By Doug Kennedy
Knowing Kendra Fisher from a young age and seeing her grow into the person she is today, is quite amazing.
She was a really good goalie when I coached her in peewee hockey in the early 90s. She played for Kincardine Minor Hockey up to the midget level, when she moved on to AAA with the Grey Bruce Highlanders.
If you know Fisher, her top three priorities in life have always been family, mental health initiatives and hockey – both on the ice and inline.
In the mid 90s, a group of girls put an all-star hockey team together and travelled to different cities to play in tournaments. By the time Fisher moved to Toronto in her last year of high school, Team Canada had already made contact with her and told her to transition into women’s hockey.
She played one year with the junior Aeros. After that, she moved up to the senior Areos and played with them until about ten years ago. I will never forget going to one of the Areos games and walking away so impressed about the level of hockey she was playing.
In 1999 she was named to Team Canada, the same day she was diagnosed with a mental illness she had been battling the year before this.
“The year leading up to it, I had been getting increasingly sicker with no diagnosis,” said Fisher. “Unfortunately, as is common with mental illness, it wasn’t easy to determine what I was dealing with until they ruled out all the physical possibilities.”
Knowing now what we know about mental illness, she could’ve been diagnosed when she was much younger.
Once she was diagnosed, she spent the first five years barely functioning, because she had no idea how to manage what she was dealing with.
She took the medicine that was prescribed, and saw the psychologist they told her to see. At the time, she was living with severe panic disorder, generalized anxiety disorder, clinical depression, agoraphobia and panic attacks.
Fisher said “It took me five years to finally get to a place where I realized I didn’t see a point anymore, and that day I somehow found it in me to start advocating for myself. It wasn’t until then that I learned about all the resources and coping strategies I would need to find my way to a place of recovery. Mental illness is not something I will ever be cured of, but I certainly know how to manage it and live a very happy life with it.”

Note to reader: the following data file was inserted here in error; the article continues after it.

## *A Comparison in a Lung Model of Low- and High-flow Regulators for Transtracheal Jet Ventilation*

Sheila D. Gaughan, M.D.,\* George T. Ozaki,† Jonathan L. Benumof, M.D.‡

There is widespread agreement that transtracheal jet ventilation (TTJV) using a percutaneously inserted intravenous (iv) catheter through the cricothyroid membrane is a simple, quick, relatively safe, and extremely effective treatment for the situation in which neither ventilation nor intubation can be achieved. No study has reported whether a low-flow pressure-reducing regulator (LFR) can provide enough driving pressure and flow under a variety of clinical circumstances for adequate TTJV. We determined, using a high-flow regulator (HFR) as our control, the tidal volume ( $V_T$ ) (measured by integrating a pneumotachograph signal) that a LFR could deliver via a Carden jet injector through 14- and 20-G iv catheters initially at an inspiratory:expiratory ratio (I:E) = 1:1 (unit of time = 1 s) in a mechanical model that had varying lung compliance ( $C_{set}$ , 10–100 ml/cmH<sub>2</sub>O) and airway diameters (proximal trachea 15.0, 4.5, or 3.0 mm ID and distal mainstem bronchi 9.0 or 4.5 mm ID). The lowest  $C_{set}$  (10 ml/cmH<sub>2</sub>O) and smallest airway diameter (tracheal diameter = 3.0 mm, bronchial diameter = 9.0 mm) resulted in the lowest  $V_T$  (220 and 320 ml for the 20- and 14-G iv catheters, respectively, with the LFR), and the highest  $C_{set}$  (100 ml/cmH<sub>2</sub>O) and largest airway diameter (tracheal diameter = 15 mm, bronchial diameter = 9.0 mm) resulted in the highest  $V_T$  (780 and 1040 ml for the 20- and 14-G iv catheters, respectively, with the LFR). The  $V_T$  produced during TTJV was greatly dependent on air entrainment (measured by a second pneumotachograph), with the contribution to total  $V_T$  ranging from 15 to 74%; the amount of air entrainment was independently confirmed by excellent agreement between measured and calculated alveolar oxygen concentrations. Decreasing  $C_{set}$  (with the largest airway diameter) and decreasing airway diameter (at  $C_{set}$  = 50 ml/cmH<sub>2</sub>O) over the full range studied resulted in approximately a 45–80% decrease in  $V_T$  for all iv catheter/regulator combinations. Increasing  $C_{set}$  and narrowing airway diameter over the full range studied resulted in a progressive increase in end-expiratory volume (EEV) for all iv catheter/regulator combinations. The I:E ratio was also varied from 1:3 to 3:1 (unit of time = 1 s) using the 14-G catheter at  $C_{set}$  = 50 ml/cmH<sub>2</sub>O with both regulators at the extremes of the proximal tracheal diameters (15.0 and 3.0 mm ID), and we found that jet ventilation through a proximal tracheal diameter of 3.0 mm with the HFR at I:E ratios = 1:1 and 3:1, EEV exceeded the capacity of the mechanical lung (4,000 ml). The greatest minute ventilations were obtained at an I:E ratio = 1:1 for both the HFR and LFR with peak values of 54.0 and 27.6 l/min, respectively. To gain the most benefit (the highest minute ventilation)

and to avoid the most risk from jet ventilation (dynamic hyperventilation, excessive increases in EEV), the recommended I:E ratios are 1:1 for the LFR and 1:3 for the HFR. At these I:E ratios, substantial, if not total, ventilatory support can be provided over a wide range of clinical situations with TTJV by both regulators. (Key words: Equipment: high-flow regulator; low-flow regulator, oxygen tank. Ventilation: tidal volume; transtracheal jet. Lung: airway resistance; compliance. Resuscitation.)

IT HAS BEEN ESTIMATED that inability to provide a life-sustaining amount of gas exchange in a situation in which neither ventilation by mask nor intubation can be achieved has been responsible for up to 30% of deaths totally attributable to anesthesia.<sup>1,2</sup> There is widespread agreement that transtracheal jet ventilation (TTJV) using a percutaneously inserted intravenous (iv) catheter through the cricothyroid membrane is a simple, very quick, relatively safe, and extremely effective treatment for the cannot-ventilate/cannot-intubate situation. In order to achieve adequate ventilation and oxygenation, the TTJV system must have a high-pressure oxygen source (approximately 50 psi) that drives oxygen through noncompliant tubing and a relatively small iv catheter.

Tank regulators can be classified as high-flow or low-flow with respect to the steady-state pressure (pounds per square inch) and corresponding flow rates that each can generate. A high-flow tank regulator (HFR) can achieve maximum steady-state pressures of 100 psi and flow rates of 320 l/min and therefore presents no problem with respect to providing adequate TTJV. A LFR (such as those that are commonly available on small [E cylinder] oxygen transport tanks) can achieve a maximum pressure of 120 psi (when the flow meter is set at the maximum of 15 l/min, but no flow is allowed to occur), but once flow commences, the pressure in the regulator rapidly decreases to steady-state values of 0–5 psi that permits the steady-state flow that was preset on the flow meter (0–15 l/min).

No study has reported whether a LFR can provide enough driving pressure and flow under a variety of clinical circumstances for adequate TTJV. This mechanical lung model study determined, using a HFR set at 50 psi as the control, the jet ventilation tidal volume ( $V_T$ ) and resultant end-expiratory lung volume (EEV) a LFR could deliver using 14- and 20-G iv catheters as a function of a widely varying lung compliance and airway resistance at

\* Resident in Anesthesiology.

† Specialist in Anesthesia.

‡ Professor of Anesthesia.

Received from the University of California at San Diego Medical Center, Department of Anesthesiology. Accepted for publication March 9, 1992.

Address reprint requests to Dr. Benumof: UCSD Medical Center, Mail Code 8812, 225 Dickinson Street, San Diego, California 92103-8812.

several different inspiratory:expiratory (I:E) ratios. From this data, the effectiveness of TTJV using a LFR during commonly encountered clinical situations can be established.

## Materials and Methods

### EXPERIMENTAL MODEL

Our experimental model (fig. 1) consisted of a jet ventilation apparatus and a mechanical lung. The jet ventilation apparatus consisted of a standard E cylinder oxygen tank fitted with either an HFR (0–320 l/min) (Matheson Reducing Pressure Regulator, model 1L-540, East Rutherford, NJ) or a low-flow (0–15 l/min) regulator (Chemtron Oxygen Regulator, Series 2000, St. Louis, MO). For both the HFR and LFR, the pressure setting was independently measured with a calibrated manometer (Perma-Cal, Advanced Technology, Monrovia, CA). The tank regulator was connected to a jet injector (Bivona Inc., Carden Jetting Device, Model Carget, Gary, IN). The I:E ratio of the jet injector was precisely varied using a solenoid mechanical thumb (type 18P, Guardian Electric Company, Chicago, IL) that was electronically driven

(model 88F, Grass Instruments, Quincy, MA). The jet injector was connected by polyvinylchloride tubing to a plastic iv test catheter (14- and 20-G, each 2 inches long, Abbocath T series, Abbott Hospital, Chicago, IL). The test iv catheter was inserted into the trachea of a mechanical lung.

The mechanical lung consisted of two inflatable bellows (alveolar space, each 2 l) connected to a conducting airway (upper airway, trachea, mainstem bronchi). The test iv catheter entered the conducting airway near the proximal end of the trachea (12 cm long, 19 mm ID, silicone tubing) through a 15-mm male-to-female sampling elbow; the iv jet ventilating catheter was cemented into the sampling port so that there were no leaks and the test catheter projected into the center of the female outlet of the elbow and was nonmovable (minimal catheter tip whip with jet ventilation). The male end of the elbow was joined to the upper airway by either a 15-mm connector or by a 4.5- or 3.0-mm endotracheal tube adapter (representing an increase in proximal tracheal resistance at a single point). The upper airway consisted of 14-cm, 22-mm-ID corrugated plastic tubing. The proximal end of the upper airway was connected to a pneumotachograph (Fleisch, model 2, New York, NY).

“Given everything that’s happening these days, so many people are finding themselves struggling with mental health issues for the first time, and those who were already desperate for resources before the pandemic are now further in crisis, Fisher continued. “It is important now more than ever to make sure that we are reaching out to one another and checking in. It does not require a PHD or certification to be there for somebody and the most valuable thing we can offer as a support is our time.”
“We have lost so many people in this area to suicide over the years, it’s a conversation that we are still terrified to have and that needs to change. Not in an effort to normalize it, but in an attempt to educate one another around the severity of the crisis and to ensure we are flooding those in need with support. So few people are even aware that we’ve had four suicides in Kincardine in the last month and yet so many people believe we’re doing enough. Until we create a culture within every community where it is okay to stand up and say I’m not okay and I need help, the risk of this outcome is present.”
Through Fisher’s Facebook page, she has vowed to stay present and help find supports for those struggling, and she will continue to do so. For anybody that wants to get involved, follow Fisher’s page and join a growing community of people who are continuing to show up for one another, day after day.
The last 10 years she has played in-line hockey for Team Canada, where she travelled the world and won two world championships. Throughout her career, she has won many provincial and national titles playing hockey.
Fisher, a firefighter, lives with her partner, Kristy, and their two children, Finley, four, and Bodhi, one and a half years.
She speaks publicly to various school boards to promote greater awareness on mental health. She shares her story on her personal social media accounts as a means of helping others to cope with their own mental health woes. Mentally Fit is her own business that she uses to speak on behalf of mental health initiatives.
Fisher puts her heart out there to try to help people through their mental health issues. She is truly and an amazing person that I am proud to call a good friend.
One thought on “Kendra Fisher – a champion for good mental health”
Thank you for your amazing presentation at the Ontario Council Speaker Series. You mentioned “your organization”. What is the name of your organization? I am looking for a connection for my Godson Jason , 51 years of age . He is traumatized by not being able to connect with his 11 year old son. He has not seen his son in 2 years and is desperate. The case is in the courts and is stalled due to COVID restrictions. He lives in Toronto. He knows the world of an athlete and needs hope! He has great peer support and family support but more would help. You talked about the need for connection. I felt a connection this morning with your presentation. I welcome your advice.